"We think the only thing that can operate in and through that environment is going to be fifth generation," Harris told reporters after the March Senate hearing.

    F-22s are currently flying in Syria, where they flew their first-ever combat missions in 2014 as the U.S. began hitting Islamic State targets. The Air Force said earlier this year that F-35s will deploy to the Middle East in a few years but have demonstrated their readiness to deploy with recent exercises in Europe and Asia.

    For more on top business trends and how to make more money in the stock market, follow IBD on Facebook.

    Balancing Stealth Vs. Firepower

    Maintaining a military edge comes at a cost. The Trump administration has vowed to boost Pentagon spending but is also scrutinizing individual programs.

    Earlier this year, Defense Secretary James Mattis ordered a review of the F-35's costs as well as options for upgrading F/A-18 Super Hornets. The basic F-35A model costs about $95 million each under the latest production contract, but versions for the Navy and Marines are more expensive. The current Super Hornet version costs $52 million to $61 million, depending on the model.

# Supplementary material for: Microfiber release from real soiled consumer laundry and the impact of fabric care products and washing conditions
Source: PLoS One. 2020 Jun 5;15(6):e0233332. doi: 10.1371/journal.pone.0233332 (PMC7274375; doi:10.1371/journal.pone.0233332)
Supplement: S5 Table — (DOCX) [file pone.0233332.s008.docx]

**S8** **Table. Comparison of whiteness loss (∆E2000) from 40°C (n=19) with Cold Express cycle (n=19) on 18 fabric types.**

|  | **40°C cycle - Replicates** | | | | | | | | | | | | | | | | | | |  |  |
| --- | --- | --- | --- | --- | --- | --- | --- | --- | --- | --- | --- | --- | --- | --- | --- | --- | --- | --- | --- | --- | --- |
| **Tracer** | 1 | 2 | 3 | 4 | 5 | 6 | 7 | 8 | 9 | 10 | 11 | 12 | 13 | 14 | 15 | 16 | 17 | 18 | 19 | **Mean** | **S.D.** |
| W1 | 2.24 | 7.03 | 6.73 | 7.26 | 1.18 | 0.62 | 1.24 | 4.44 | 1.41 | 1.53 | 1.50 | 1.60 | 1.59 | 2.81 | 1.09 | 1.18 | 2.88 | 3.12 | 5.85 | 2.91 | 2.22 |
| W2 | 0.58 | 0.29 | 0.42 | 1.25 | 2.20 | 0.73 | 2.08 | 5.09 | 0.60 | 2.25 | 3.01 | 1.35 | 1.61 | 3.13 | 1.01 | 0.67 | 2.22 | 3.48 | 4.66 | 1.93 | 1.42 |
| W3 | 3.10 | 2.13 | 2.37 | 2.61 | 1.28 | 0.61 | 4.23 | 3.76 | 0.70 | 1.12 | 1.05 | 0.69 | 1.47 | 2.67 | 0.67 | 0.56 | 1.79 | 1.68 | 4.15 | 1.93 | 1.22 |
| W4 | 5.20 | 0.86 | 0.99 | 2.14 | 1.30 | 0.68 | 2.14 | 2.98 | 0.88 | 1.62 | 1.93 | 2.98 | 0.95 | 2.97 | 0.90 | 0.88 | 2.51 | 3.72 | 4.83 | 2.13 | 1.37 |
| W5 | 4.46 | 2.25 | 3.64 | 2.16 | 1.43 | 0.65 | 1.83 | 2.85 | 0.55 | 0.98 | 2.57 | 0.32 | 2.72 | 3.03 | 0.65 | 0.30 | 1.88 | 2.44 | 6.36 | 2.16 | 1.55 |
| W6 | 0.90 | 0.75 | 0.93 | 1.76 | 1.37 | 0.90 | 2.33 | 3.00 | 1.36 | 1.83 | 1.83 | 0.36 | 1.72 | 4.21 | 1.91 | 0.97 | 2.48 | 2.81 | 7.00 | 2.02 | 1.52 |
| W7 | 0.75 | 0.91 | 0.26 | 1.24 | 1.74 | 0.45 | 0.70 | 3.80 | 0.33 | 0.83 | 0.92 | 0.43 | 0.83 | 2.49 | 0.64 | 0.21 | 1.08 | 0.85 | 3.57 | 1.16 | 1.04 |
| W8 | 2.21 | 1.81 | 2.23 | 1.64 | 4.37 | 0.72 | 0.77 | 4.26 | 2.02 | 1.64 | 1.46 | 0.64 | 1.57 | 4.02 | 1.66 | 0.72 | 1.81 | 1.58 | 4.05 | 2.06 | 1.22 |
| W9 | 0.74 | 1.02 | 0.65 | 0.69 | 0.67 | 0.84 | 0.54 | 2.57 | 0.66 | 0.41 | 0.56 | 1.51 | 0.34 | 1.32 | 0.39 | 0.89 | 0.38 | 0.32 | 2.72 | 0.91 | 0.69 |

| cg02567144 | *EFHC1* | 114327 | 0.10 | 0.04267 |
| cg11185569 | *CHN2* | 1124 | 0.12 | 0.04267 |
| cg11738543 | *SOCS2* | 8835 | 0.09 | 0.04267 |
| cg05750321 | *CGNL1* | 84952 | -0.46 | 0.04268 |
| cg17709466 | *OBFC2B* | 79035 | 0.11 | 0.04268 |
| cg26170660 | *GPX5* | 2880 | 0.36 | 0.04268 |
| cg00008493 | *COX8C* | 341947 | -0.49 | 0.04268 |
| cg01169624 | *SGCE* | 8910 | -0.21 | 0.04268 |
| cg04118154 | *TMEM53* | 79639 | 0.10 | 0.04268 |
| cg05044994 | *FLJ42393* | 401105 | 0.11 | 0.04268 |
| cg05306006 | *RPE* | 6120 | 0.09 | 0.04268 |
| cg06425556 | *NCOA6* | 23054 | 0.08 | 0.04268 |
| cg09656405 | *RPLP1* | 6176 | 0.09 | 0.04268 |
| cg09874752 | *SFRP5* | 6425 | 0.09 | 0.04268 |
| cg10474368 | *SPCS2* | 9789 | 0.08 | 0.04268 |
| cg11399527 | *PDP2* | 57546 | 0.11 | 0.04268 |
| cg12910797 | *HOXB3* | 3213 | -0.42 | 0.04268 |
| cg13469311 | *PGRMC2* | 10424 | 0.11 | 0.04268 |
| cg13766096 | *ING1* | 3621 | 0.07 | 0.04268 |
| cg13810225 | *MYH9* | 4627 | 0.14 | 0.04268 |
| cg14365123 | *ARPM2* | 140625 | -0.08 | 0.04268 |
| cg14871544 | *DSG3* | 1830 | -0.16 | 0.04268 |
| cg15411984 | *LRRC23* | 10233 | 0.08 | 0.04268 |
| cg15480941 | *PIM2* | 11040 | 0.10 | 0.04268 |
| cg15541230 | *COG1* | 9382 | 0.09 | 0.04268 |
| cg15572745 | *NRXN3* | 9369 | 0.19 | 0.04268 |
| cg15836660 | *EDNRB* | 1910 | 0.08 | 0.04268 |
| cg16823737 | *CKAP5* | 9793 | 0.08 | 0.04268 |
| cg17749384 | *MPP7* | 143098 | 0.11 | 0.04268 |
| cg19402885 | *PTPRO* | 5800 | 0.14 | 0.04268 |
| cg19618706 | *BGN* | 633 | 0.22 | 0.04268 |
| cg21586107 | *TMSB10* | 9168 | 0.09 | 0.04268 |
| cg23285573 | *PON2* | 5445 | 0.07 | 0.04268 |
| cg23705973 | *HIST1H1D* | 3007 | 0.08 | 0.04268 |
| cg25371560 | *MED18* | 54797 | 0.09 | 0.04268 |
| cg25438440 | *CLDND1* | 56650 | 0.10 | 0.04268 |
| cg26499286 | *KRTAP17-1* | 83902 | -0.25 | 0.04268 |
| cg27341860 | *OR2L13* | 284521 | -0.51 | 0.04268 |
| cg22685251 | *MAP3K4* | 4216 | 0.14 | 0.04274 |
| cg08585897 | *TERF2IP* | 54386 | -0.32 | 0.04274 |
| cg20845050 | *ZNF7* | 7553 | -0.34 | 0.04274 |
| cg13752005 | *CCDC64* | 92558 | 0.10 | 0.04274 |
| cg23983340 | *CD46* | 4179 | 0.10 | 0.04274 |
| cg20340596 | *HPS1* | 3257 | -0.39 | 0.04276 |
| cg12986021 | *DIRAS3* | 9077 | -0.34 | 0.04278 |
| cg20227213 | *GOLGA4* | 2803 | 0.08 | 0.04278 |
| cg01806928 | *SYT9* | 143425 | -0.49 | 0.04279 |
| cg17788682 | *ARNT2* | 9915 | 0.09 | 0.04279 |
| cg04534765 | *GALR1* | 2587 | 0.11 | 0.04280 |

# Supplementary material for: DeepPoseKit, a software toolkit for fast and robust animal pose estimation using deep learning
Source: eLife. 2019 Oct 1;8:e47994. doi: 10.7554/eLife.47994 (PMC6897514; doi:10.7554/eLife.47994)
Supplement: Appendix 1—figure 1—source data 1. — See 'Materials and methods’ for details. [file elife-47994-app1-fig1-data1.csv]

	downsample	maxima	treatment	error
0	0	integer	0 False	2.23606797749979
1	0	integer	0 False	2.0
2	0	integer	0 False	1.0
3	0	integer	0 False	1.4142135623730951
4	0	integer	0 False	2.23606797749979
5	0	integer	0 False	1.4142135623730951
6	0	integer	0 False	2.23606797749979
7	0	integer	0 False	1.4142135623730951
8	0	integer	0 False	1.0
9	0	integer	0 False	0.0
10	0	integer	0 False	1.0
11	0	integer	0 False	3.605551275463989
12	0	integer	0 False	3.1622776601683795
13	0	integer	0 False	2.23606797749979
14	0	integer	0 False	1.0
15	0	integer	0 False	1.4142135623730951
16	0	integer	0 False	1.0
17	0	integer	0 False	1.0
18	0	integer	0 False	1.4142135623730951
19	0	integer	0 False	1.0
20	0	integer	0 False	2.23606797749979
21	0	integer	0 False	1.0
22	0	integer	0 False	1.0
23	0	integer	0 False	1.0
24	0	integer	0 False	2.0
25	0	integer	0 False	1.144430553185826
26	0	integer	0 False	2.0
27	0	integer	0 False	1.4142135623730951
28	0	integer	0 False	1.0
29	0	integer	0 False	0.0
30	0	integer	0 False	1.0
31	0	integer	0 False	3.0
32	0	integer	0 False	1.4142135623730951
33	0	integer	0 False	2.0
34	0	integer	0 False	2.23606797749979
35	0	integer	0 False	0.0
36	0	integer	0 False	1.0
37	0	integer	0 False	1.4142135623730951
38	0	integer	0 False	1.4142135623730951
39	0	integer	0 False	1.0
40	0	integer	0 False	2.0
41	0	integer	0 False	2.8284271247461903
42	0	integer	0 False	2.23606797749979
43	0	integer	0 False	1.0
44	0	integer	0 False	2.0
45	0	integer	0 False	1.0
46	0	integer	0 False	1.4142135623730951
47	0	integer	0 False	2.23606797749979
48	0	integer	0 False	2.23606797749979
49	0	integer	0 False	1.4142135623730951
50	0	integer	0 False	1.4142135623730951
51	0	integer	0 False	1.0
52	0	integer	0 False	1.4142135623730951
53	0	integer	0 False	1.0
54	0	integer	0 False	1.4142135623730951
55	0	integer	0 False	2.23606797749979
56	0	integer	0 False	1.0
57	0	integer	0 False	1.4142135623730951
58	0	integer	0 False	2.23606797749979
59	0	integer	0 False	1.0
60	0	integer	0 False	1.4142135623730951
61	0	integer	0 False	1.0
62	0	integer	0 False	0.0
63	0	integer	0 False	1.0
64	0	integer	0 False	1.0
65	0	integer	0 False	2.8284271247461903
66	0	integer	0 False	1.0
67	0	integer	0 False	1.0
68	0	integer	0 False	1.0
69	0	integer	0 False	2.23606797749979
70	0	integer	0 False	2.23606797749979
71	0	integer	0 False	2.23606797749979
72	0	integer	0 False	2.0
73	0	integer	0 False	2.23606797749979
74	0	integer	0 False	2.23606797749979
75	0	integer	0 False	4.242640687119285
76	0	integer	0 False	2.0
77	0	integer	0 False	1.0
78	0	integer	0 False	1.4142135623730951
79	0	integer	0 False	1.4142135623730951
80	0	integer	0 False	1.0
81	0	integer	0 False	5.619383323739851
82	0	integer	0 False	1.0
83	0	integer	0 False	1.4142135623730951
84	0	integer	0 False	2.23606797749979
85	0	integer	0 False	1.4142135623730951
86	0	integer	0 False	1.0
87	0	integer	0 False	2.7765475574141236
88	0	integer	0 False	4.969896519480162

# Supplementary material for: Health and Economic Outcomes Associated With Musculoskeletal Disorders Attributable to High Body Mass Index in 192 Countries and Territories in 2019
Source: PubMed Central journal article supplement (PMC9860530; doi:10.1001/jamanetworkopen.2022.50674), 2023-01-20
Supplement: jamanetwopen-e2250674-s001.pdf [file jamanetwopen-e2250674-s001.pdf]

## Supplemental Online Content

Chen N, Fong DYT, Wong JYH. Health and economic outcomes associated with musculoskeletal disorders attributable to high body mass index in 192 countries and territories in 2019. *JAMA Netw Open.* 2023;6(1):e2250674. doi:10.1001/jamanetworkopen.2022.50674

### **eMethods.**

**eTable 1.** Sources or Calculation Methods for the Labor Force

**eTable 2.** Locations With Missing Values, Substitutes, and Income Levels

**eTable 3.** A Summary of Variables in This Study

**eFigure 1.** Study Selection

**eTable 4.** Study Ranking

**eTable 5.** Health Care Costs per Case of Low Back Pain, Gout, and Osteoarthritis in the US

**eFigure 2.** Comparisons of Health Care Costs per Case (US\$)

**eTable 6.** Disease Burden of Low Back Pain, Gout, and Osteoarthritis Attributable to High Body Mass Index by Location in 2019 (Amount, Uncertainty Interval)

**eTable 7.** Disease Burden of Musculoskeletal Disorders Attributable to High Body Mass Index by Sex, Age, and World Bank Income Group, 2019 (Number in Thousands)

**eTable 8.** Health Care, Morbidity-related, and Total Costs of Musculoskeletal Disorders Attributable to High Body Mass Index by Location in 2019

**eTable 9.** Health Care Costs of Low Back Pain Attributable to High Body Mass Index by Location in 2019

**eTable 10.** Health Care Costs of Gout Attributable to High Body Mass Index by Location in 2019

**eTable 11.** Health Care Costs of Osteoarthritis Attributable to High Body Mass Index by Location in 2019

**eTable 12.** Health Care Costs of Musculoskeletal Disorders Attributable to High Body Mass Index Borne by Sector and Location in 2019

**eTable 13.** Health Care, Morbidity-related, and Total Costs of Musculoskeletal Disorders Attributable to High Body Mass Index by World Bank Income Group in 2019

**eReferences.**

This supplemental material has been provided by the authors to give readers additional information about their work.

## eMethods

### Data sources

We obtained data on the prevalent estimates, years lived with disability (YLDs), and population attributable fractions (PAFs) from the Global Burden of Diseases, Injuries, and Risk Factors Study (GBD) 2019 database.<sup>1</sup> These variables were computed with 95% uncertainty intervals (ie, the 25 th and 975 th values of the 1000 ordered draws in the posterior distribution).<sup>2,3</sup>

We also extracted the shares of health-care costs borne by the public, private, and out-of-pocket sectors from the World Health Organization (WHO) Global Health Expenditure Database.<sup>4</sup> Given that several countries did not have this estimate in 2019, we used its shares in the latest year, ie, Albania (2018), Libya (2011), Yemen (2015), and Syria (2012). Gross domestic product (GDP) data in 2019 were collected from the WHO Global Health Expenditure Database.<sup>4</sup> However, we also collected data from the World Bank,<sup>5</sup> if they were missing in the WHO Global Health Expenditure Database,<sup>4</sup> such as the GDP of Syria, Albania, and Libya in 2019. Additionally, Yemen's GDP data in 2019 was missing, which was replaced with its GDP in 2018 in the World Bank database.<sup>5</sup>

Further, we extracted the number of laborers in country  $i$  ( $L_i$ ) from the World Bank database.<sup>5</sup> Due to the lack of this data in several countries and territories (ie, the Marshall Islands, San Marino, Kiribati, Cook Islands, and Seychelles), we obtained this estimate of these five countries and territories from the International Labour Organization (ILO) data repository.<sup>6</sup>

By the time F-22 production ended, the per-plane cost was about $140 million, though total procurement topped $60 billion to get 187 planes in operation. Advocates periodically have called for making more, even though Lockheed has shut down the production line. A 2011 RAND study put the cost of building 75 more F-22s at $13.7 billion to $17.4 billion in 2008 dollars. The Air Force has maintained that a restart would be too expensive and would take away resources from the F-35 and other programs.

    To be sure, fifth-generation fighters aren't invincible — and aren't invisible.

    "Even fifth generation would be challenged to penetrate in certain ranges against these very capable air-missile-defense systems," said Mark Gunzinger, a senior fellow at the Center for Strategic and Budgetary Assessments and a retired Air Force colonel, noting China has developed its own "very advanced" HQ-9 air-defense system.

    But he said the S-400 wouldn't create "no-go zones" for the U.S. and allies.

    And a trade-off of stealth fighters is that maintaining a low-observable radar profile means they can't carry as many missiles and bombs under their wings. As a result, fourth-generation fighters can bring more firepower, and there are ways to reduce their detectability too.